Christmas lights suck up a tiny fraction of all the electricity Americans use annually, but it's more than some developing nations consume in an entire year, researchers have found.
El Salvador, Cambodia and Tanzania are some of the countries that use less power than the seasonal lights Americans string up, according to the Center for Global Development.
In an interview with NPR, researcher Todd Moss said that it's a useful comparison because many developing countries face pressure to use more renewable sources of energy.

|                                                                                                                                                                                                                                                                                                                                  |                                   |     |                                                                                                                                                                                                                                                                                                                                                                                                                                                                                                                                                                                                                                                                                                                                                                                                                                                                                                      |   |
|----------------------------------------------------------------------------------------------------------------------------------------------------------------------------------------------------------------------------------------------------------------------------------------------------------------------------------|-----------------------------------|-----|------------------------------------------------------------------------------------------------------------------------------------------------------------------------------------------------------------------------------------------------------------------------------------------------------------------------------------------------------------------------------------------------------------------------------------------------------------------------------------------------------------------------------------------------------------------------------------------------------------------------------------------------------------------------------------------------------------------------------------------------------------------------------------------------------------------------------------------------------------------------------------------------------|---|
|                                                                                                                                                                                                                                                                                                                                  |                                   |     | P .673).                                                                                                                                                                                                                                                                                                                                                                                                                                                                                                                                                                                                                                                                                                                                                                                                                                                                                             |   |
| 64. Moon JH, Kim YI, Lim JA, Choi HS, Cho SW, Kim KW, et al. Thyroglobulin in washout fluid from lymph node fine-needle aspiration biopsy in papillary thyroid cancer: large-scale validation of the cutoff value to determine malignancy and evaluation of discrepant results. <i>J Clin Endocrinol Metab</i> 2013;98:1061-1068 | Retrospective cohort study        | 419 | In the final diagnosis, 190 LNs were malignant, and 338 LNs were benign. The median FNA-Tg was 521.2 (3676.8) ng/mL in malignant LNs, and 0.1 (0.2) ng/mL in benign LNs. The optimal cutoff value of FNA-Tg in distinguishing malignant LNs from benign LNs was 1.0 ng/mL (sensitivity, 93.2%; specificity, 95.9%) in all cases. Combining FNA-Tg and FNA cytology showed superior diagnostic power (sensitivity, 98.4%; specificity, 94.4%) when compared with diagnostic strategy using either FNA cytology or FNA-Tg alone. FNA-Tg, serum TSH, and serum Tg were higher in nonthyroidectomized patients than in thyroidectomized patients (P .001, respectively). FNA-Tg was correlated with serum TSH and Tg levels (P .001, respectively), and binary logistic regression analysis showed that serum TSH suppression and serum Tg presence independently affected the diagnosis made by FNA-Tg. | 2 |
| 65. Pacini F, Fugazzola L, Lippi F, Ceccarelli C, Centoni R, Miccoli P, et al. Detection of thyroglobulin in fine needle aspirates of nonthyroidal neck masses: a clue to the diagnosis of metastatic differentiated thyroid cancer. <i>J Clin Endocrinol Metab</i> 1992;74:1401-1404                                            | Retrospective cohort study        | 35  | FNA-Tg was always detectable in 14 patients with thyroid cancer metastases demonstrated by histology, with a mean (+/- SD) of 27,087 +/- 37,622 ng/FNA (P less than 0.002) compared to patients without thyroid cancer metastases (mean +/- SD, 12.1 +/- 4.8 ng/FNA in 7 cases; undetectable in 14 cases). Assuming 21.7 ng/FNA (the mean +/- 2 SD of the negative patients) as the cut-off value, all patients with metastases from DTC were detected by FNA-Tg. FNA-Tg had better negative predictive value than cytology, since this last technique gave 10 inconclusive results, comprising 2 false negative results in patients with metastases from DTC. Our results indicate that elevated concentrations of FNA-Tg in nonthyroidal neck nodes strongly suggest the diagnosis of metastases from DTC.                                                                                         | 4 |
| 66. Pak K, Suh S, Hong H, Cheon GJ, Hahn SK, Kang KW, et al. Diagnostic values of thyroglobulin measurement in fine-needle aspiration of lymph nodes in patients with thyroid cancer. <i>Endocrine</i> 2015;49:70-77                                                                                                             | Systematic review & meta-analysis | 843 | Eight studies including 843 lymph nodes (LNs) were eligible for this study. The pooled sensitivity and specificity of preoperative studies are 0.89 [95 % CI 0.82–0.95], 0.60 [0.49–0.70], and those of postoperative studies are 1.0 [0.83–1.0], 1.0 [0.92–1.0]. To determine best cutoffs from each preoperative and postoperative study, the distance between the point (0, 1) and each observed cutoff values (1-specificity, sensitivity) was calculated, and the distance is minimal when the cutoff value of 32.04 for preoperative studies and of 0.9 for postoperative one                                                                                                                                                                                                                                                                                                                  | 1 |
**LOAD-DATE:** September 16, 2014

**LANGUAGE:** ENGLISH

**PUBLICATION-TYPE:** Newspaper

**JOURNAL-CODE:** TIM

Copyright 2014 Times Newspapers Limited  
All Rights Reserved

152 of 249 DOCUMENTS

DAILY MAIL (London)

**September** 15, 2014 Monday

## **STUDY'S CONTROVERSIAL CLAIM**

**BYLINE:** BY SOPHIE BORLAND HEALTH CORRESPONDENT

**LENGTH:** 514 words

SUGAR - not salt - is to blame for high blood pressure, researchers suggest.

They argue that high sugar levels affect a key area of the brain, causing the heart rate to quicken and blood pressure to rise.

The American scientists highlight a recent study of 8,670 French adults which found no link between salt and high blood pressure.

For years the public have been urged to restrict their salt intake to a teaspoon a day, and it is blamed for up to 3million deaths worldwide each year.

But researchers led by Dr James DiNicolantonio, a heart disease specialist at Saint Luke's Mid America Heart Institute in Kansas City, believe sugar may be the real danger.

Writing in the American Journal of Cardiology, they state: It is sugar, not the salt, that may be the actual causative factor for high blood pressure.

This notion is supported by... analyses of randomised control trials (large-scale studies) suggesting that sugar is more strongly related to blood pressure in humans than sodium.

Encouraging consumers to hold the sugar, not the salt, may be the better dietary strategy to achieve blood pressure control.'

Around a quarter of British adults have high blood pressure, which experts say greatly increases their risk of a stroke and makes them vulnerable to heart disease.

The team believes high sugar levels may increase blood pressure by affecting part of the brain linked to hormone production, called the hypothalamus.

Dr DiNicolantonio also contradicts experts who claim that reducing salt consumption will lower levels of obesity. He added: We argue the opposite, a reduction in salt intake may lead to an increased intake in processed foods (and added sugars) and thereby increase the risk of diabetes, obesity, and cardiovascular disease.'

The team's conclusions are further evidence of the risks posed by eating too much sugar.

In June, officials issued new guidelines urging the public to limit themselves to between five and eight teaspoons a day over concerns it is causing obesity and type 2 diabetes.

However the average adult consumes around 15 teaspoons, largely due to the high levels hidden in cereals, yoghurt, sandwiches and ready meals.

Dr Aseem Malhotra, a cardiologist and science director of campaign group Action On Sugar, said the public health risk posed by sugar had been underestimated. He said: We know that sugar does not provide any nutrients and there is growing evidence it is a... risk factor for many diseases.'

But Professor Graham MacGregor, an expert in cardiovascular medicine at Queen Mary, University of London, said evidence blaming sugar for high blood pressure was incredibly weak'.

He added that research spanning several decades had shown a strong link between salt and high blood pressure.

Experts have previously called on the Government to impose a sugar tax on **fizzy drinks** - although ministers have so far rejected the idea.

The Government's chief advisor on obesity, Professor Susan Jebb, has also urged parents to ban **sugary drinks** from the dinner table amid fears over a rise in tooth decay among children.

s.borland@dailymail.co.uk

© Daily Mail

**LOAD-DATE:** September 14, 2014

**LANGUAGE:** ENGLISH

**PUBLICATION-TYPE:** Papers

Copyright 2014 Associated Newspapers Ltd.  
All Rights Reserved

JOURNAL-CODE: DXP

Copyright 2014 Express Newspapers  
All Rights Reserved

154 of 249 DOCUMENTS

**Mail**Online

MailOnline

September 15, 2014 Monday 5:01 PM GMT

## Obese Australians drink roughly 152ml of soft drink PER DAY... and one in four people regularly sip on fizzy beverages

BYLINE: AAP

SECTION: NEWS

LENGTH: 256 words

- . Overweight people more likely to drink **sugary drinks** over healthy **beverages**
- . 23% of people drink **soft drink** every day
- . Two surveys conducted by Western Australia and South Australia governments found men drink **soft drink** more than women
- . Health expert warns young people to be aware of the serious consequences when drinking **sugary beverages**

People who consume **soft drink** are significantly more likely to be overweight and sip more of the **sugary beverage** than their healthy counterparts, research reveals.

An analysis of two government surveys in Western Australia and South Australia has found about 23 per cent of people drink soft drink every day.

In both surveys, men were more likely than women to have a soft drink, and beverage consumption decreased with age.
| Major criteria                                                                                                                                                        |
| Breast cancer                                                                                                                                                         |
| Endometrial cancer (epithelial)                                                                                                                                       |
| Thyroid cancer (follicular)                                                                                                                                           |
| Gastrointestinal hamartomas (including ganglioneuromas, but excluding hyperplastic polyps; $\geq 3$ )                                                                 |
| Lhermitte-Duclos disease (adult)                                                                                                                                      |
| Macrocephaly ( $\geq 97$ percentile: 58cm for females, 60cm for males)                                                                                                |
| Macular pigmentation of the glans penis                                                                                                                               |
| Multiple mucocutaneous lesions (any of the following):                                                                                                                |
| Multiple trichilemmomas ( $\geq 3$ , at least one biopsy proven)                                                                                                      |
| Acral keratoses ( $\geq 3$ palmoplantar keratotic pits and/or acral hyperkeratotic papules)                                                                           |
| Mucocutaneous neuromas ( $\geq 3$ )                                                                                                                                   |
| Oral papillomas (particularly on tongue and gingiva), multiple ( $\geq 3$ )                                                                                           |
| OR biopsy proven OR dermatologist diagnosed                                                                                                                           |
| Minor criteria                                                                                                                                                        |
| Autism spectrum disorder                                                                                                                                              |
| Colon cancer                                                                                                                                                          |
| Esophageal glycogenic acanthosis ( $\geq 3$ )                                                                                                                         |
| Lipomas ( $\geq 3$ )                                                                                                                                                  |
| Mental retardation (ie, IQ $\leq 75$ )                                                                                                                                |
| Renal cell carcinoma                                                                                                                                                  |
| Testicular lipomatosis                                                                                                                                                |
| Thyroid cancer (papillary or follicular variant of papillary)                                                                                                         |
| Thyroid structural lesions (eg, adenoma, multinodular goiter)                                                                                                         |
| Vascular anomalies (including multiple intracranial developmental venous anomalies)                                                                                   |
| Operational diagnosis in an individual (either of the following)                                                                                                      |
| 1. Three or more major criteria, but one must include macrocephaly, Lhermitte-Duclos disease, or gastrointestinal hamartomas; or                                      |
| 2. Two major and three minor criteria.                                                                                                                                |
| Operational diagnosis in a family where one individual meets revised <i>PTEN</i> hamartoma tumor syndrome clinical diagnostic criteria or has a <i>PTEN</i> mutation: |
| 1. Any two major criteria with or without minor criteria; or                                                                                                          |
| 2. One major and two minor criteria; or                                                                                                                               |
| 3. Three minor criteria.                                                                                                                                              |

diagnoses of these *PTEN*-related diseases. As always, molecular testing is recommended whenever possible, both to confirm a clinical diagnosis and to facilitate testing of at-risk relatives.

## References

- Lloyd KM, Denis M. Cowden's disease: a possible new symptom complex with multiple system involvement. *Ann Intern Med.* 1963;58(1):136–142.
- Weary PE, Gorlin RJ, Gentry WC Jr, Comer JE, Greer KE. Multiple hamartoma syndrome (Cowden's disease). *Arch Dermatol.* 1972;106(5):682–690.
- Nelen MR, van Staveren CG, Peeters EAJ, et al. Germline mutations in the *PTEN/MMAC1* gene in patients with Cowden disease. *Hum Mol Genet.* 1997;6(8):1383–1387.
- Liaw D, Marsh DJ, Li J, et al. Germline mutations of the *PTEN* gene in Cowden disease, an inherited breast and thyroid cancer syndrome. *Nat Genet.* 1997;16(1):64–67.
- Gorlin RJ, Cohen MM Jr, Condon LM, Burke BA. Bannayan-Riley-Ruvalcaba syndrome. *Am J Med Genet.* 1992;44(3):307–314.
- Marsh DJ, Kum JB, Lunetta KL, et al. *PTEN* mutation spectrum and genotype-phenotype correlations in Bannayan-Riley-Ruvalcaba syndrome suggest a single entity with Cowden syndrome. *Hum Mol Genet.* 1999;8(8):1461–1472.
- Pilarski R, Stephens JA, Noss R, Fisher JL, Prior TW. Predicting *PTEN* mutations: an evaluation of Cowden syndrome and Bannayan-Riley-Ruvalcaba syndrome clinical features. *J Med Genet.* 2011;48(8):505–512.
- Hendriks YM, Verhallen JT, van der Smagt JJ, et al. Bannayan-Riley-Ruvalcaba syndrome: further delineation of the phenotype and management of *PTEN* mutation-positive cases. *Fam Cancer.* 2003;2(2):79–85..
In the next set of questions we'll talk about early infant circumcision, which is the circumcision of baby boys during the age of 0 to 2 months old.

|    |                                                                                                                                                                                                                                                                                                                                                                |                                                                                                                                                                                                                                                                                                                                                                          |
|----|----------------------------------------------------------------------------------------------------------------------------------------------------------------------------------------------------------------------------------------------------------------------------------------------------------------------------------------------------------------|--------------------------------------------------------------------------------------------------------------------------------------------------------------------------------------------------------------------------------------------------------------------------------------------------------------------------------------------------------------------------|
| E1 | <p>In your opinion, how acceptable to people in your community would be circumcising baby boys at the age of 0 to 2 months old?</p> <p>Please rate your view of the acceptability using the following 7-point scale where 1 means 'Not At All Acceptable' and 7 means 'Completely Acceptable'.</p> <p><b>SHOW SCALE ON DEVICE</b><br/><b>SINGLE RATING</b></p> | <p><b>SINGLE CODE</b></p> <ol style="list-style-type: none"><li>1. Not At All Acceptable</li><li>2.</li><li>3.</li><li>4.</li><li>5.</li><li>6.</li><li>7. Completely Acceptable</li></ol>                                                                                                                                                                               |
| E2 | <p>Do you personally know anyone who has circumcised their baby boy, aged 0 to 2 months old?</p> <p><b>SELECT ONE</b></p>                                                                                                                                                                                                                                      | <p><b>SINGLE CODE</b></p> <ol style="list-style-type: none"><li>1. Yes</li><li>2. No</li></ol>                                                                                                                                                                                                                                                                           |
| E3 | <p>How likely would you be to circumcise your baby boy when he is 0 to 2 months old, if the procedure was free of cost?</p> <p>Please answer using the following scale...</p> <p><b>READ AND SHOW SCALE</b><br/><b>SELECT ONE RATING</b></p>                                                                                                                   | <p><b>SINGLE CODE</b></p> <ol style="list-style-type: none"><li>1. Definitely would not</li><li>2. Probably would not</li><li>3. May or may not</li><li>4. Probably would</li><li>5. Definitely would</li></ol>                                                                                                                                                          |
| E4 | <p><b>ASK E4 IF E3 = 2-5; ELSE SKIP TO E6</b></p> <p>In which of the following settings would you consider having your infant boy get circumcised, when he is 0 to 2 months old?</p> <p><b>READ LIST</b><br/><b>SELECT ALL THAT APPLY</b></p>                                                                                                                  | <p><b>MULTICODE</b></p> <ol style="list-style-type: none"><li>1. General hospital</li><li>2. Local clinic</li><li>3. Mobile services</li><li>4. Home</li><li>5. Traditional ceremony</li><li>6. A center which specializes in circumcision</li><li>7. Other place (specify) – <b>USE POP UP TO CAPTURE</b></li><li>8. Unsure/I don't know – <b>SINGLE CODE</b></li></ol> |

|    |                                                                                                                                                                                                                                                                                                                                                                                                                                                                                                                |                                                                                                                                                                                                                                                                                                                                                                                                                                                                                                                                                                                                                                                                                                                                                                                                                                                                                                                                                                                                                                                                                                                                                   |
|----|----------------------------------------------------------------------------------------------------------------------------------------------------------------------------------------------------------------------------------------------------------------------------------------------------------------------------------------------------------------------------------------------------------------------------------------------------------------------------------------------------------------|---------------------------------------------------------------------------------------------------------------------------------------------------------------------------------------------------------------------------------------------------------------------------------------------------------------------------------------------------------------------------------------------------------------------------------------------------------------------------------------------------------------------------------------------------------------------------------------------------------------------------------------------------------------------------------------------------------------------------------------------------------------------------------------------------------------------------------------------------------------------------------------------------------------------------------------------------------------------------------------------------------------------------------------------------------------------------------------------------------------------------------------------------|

Though switching to cleaner sources of power is important, Moss said, the graph he developed with Priscilla Agyapong shows poorer countries like Nepal and Ethiopia are just a drop in the bucket compared to the U.S.
"It's pretty rich for me to sit in Washington, D.C., and tell Ghana they can't build one natural gas power plant," Moss told NPR.
Americans' holiday decorations use 6.6 billion kilowatt hours of electricity, which is enough to run 14 million refrigerators, according to the researchers. But that only accounts for 0.2 percent of total electrical usage.
Moss and Agyapong used data from the US Department of Energy and the World Bank.
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